: You ... In Perspective
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YOU...in perspective


Around the year 1000 A.D., a Christian Norseman by the name of Leif Erikson was sent by King Olaf to bring the Christian message to the Norse settlement on Greenland (founded by Erikson’s father, Eric the Red). Missing Greenland, Leif reached the eastern shores of either Baffin Island or Labrador. He later established a small settlement in Newfoundland which endured only a short time.

History next records an Italian explorer, John Cabot, discovering the rich fishing banks of “New Found Land” in 1497, and European fishermen thereafter made many trips to this area.

French explorer Jacques Cartier, having been sent by the King of France to find a northwest route to China, sailed into the St. Lawrence River in 1535, reaching the Indian village of Stadacona where Quebec now stands. He later climbed a hill behind the Indian village of Hochelaga where he could observe the Ottawa River and the Lachine Rapids. He named the hill Mont Real (Mount Royal), the site of the city of Montreal. Cartier’s explorations gave validity to France’s claim to that vast northern stretch of land, and it became known as New France.

French merchants began to barter for fur with the coastal Indians, and trappers came to hunt the beaver. Beaver hats were the European fashion rage in the 1700’s, and there was a good profit to be made. In time trappers and traders moved further inland, eventually reaching the Pacific. The beaver and other fur bearing animals were much responsible for the discovery and settlement of the northern half of the New World.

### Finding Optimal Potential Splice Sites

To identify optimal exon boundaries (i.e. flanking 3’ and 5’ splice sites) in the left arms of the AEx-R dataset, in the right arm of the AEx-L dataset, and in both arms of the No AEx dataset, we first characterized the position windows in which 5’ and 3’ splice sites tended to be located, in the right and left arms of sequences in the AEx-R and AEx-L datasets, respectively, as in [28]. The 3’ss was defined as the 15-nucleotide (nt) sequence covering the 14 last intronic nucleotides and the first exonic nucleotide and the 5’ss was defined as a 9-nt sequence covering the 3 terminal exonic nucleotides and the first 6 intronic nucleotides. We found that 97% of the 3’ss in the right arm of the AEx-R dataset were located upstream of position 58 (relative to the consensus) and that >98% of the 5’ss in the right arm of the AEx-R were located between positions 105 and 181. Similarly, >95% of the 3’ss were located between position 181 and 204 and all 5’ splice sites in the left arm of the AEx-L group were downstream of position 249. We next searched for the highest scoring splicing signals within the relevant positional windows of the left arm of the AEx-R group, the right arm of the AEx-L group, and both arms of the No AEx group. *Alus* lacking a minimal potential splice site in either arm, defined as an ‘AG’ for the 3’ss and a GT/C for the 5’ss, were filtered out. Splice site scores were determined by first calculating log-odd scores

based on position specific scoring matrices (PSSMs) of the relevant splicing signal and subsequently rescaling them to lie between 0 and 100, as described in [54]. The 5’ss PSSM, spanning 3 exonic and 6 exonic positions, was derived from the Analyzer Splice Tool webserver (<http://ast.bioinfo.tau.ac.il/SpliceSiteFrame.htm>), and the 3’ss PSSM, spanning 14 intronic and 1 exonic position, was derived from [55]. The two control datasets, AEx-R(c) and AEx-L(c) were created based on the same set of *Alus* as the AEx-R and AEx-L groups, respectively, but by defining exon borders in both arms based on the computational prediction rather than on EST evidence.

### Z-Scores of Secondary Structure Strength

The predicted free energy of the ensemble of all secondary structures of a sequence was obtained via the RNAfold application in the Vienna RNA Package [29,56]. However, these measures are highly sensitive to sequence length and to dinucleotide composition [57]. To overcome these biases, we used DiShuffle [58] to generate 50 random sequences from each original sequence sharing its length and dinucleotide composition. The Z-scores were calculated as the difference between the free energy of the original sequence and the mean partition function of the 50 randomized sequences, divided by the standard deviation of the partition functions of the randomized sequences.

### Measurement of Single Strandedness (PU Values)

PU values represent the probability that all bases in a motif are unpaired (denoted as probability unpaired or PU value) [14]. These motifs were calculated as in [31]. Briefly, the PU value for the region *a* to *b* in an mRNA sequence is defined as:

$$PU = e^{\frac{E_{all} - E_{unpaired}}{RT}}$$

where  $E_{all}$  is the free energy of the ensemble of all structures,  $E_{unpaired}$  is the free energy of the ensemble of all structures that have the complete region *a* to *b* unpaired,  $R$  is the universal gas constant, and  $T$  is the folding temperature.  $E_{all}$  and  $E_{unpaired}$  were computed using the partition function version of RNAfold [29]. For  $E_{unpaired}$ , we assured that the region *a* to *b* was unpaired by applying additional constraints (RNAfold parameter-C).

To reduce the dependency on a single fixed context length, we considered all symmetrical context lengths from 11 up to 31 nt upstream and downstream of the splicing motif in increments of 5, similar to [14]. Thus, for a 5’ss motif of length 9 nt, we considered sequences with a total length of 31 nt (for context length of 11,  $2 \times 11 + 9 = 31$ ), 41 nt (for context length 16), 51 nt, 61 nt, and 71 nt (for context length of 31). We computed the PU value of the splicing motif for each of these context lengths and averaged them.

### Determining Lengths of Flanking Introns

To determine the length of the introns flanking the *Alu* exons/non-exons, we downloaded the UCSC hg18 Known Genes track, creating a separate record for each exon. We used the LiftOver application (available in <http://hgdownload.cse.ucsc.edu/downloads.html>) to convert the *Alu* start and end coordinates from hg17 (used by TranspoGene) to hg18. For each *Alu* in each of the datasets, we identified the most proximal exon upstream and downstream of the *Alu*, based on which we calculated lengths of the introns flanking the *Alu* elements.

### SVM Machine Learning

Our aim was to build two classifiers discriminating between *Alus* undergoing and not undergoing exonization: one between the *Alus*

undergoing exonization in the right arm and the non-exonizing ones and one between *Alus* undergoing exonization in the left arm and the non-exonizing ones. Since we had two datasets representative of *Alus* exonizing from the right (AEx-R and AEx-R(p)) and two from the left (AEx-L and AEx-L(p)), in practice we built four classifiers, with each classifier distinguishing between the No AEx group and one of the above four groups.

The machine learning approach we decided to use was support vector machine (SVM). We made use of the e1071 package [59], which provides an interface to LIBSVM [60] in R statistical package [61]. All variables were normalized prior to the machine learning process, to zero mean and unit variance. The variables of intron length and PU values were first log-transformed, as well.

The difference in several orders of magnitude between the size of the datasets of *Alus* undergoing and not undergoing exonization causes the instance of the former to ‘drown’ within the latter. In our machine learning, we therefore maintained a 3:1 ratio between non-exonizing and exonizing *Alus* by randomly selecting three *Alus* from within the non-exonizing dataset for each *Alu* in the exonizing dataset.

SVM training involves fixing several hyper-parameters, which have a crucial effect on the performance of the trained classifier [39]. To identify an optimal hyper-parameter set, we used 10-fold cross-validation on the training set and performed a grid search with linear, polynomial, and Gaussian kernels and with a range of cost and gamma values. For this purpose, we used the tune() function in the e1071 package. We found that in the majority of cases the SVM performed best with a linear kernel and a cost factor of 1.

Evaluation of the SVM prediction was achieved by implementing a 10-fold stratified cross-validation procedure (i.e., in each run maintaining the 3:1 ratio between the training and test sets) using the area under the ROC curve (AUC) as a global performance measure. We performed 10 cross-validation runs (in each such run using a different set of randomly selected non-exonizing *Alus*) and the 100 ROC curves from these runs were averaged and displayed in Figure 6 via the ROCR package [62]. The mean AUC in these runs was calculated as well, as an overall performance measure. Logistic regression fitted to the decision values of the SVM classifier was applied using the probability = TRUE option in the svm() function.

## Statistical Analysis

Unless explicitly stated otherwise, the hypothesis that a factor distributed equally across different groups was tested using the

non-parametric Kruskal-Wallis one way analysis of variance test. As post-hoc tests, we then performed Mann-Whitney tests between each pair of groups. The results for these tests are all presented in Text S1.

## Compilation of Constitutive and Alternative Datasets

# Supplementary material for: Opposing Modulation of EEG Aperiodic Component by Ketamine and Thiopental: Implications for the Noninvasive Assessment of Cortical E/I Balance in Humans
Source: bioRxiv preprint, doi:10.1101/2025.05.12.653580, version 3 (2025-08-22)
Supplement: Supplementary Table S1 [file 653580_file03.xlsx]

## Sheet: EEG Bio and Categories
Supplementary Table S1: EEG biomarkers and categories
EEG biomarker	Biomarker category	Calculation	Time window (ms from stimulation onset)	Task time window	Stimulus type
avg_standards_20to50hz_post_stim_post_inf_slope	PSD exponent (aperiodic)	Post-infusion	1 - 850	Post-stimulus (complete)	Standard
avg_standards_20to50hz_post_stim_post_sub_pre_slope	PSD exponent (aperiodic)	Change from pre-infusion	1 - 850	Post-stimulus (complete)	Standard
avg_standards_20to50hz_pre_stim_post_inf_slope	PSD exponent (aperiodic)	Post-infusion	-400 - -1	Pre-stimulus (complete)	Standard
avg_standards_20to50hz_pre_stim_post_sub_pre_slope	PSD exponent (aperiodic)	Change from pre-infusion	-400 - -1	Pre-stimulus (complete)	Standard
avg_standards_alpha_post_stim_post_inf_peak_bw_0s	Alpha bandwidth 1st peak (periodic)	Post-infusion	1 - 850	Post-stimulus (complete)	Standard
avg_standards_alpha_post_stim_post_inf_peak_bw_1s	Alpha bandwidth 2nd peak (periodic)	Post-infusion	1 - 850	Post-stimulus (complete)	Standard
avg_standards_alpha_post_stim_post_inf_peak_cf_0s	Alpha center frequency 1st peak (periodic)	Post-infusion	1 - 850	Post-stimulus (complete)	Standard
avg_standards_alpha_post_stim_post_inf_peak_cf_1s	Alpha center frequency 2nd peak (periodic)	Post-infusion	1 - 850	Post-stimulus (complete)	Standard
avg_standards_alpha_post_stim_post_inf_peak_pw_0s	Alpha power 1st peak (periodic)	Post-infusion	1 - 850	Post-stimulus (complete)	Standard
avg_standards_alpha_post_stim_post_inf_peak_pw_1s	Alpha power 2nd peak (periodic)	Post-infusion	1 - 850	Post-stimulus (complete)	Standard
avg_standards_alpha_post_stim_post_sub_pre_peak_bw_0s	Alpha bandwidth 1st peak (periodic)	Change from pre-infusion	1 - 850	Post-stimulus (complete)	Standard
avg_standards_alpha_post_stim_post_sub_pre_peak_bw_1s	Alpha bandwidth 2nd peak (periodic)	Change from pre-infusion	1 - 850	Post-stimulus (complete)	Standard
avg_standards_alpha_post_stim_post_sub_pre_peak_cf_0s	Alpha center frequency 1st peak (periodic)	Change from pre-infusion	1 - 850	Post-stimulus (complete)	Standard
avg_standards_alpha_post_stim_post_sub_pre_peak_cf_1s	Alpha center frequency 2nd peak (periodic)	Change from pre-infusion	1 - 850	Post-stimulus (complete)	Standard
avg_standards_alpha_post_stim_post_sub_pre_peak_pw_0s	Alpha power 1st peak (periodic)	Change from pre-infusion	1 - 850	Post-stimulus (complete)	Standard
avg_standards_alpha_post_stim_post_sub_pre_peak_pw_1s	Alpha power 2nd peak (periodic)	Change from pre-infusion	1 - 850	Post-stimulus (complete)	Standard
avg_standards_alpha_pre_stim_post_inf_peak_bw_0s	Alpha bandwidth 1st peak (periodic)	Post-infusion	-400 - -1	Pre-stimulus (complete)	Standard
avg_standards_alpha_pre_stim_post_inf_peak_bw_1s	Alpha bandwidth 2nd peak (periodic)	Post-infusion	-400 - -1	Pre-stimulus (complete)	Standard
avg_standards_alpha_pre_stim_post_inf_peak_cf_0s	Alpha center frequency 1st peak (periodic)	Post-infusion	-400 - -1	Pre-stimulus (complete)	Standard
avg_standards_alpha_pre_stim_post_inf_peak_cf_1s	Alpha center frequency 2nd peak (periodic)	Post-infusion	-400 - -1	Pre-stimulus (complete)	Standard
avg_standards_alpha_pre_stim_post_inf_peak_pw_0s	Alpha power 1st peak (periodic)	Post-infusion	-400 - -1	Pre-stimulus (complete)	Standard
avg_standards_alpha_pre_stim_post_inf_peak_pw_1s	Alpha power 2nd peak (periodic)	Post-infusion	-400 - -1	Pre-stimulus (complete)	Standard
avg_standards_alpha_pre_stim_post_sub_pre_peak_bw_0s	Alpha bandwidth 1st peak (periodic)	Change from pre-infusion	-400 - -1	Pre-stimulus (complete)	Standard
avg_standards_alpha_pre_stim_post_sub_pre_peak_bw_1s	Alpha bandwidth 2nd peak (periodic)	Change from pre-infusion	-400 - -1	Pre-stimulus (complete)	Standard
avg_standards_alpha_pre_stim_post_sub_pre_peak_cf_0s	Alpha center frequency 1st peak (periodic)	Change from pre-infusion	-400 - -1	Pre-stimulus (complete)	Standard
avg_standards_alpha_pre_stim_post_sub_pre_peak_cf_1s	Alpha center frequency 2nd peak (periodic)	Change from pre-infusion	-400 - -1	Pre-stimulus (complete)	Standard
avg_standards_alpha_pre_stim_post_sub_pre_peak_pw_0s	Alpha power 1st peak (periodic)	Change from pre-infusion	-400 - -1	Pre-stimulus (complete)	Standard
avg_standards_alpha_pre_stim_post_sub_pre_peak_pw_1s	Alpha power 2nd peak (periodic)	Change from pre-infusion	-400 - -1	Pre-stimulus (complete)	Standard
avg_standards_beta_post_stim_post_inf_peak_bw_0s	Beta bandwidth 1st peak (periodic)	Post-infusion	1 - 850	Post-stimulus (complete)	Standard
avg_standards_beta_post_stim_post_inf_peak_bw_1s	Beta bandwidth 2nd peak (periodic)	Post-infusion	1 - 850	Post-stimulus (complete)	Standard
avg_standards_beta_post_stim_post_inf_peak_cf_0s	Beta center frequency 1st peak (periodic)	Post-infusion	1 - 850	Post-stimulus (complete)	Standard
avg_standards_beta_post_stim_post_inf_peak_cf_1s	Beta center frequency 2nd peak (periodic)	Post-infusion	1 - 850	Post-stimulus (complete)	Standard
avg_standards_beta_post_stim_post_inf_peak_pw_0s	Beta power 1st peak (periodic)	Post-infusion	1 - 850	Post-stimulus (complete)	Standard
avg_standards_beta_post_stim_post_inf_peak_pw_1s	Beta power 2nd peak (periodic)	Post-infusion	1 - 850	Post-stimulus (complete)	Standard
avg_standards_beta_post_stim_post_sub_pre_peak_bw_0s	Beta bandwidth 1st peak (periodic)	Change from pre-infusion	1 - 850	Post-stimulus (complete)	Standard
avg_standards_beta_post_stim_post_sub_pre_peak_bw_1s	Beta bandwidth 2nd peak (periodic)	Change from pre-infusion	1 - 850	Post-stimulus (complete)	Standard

Samuel de Champlain, another French explorer, founded the village of Quebec in 1608, the first European settlement, and later established a trading post in Montreal. He made an alliance with the local Indians to fight the dreaded Iroquois in the area which is now New York. The Iroquois hated the French from that time, and over the years caused them much grief. Champlain’s explorations reached as far west as Lake Ontario.

In order to populate New France, France gave monopoly rights of trade to a group of merchants on the condition they transport settlers free of charge. Tadoussac, a tiny village on the mouth of the Saguenay River, was founded that way, but did not survive even one harsh winter. Another, Port Royal in Nova Scotia, was abandoned after a short period. In 1615 an earnest effort by the Catholic church to proselytize the natives was begun. The Jesuit priests were very influential in every French community.

Because the English were also established in North America (along the eastern seaboard), the Thirty Years War between England and France spread to the new world. In 1629 Acadia and Quebec were captured by the English and returned to France at war’s end. This was the beginning of a struggle between these two countries for domain over North America. The French reached far into the west and south, settling the Mississippi Valley, claiming this vast expanse of territory as theirs, thus halting the western expansion of the British colonies. Meanwhile England claimed Rupert’s Land, a huge tract of land including all the Hudson Bay area, stretching to present day Alberta.